The Myths of Management

Updated: May 5, 2021

Last week, I did my very first Facebook Live session sharing and then debunking some of the most common myths of management that I come across in my work as a coach and facilitator. If you missed it, you can catch the replay in the One Eleven Leadership private Facebook group.


If you prefer to get your information the old-fashioned way, here are the topics I covered along with concrete strategies to help you shift your approach.


Myth 1: I have to be the expert on all aspects of my job (and everyone else’s job too)

I am in the middle of listening to the audiobook of the Obama memoir, A Promised Land, and was reflecting on how he was the Commander-in-Chief of the military as the and yet he never served a day in his life. However, he surrounded himself with experts who were on the ground and had been in the trenches and trusted them for their guidance and counsel. Even though he may have had the final word on difficult decisions, he was never doing so in isolation.


Managers are responsible for hiring, onboarding, cultivating, nurturing, and supporting the people that they are working with. Your role as the leader is to figure out how to extract the best from your colleagues, trust their expertise, and allow them to contribute in a meaningful way. Your purpose as the leader is not to know everything about everything, but identifying talent, understanding the strengths of your team, and then giving them what they need to be successful.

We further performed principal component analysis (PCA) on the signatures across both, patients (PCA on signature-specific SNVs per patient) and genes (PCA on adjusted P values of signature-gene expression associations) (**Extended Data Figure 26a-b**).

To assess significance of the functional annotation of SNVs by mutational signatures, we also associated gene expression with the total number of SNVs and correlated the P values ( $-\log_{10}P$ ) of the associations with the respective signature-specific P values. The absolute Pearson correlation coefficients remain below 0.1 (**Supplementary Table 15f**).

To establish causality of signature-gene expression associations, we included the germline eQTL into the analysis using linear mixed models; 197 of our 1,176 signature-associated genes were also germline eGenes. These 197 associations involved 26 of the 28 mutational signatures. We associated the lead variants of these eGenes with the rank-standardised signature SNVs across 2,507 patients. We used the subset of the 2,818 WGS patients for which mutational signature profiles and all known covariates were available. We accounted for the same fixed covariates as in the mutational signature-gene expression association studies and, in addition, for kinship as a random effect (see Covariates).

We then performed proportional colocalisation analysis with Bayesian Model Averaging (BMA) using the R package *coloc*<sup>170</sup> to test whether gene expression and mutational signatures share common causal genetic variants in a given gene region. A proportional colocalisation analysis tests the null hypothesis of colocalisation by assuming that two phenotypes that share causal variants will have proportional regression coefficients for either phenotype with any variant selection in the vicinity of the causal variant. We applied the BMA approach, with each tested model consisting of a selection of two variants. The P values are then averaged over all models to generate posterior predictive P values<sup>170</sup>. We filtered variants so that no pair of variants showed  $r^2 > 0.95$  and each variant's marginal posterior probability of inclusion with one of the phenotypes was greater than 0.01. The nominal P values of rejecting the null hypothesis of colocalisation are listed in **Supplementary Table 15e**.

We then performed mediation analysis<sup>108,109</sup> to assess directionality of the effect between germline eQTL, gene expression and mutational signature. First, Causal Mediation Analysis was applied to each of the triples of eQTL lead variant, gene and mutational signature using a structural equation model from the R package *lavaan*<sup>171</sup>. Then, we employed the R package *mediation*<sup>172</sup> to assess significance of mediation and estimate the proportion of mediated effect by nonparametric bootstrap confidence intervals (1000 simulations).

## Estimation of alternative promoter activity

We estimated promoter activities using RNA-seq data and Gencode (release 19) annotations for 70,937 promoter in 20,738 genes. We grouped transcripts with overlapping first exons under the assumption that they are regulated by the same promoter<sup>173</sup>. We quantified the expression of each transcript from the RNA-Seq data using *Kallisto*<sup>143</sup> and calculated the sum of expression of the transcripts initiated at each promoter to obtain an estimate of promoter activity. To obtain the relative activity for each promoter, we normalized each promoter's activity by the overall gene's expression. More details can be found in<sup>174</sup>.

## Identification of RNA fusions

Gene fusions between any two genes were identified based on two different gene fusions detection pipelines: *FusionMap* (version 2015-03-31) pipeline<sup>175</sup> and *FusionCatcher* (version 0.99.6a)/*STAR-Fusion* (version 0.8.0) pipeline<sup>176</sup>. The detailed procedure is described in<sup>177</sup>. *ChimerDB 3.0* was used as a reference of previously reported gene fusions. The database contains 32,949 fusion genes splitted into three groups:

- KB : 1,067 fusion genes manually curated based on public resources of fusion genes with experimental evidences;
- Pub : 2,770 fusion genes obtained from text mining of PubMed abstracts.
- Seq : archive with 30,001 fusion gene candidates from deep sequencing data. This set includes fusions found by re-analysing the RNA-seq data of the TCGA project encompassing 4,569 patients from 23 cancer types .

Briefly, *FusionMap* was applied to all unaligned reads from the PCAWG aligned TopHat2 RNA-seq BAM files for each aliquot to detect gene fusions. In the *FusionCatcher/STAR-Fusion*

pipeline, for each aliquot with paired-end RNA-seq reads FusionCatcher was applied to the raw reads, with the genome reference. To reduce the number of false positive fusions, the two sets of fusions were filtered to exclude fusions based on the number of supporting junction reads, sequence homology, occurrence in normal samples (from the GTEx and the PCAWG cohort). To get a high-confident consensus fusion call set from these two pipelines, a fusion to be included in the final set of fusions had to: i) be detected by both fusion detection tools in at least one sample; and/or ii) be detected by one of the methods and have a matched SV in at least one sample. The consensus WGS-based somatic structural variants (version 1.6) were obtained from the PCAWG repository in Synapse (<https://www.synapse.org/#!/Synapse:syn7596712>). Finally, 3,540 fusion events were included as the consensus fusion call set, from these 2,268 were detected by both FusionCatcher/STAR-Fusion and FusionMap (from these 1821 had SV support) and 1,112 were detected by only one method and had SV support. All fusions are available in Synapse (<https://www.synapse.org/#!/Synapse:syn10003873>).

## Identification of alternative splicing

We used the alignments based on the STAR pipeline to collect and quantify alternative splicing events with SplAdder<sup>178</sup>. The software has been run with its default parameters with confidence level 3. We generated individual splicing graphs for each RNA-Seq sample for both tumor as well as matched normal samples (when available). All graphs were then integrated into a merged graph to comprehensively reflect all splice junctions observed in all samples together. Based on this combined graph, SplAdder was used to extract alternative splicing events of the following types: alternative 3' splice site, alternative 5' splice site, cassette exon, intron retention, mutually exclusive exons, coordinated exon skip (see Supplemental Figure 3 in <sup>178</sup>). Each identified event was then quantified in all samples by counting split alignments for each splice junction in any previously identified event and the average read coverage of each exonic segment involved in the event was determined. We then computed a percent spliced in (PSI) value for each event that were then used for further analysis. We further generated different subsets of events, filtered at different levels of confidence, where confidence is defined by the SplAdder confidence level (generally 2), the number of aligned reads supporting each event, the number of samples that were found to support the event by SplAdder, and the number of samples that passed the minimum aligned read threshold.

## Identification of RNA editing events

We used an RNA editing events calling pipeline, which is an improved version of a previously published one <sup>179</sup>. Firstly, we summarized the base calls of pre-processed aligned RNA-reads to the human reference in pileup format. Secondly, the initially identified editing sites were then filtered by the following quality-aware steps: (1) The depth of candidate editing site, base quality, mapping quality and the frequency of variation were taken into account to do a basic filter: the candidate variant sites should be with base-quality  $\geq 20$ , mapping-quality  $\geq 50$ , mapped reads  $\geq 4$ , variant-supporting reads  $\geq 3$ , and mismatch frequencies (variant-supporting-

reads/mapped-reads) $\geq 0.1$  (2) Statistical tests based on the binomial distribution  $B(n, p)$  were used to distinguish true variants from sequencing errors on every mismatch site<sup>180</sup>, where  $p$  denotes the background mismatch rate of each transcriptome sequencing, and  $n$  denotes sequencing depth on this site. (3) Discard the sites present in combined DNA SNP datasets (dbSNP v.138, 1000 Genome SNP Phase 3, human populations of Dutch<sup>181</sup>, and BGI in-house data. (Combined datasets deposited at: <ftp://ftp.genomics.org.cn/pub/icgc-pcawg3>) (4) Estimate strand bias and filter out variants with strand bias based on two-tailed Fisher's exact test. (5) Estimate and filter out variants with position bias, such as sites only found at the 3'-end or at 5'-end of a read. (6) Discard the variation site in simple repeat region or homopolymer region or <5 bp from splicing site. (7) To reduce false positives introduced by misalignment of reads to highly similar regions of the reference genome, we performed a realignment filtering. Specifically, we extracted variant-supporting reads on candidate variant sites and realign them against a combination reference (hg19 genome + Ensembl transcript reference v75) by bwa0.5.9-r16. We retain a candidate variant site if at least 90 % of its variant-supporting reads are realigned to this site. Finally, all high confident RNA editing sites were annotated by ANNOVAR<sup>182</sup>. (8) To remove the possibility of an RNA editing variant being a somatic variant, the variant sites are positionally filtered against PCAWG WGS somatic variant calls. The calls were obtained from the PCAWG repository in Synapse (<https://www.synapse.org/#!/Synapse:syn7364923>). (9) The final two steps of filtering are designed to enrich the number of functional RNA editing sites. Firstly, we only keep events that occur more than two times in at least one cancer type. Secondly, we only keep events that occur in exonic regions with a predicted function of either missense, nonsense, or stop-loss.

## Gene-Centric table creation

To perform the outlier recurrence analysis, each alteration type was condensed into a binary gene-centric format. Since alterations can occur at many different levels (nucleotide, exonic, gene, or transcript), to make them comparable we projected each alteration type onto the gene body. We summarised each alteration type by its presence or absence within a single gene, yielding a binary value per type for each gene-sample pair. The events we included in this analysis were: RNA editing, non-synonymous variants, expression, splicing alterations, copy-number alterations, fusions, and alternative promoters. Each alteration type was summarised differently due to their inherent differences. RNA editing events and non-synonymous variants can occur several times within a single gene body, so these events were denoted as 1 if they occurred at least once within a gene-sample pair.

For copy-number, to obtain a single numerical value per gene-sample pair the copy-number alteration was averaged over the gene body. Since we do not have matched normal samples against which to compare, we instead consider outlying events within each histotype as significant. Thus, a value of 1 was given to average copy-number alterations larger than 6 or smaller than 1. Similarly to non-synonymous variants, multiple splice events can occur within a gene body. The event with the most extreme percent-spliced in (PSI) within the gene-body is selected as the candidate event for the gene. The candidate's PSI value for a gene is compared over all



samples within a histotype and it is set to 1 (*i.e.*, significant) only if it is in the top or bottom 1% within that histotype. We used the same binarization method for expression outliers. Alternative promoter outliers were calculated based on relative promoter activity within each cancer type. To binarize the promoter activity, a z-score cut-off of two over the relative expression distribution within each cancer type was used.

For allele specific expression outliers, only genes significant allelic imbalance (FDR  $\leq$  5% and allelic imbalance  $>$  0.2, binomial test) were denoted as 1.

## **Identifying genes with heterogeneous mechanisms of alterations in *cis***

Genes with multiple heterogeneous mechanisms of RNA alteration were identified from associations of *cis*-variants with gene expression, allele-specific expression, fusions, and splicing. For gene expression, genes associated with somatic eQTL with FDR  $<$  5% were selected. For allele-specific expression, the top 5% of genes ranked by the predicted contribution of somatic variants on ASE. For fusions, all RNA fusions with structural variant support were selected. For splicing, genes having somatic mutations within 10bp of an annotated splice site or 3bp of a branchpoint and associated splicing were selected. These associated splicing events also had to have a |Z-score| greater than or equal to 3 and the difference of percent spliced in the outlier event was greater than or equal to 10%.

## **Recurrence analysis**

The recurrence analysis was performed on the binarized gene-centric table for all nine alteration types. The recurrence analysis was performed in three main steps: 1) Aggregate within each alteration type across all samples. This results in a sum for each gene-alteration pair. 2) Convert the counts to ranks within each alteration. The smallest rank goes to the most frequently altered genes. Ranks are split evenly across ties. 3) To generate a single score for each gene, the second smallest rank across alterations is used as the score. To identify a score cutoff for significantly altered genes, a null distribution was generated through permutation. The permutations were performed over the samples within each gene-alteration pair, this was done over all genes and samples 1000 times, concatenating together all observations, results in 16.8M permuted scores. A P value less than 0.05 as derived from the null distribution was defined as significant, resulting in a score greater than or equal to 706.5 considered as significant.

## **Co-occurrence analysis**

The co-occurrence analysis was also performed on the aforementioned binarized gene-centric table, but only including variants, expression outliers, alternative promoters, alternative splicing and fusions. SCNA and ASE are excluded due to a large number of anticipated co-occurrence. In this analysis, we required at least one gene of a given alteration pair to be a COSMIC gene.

Myth 2: Vulnerability is Weakness

I am a big groupie of Brene’ Brown’s and she is really the preeminent scholar on research in the field of vulnerability. I would encourage you to check out her TedxHouston Talk which catapulted her to the public domain and take a look at her books, especially Dare to Lead. This definition of vulnerability comes from a glossary she has as a free resource on her website: “Vulnerability is having the courage to show up, fully engage, and be seen when you can’t control the outcome. We are not vulnerable for the sake of being vulnerable. We are open to uncertainty, risk, and emotional exposure because that is the path to courage, trust, innovation, and many other daring leadership skills.”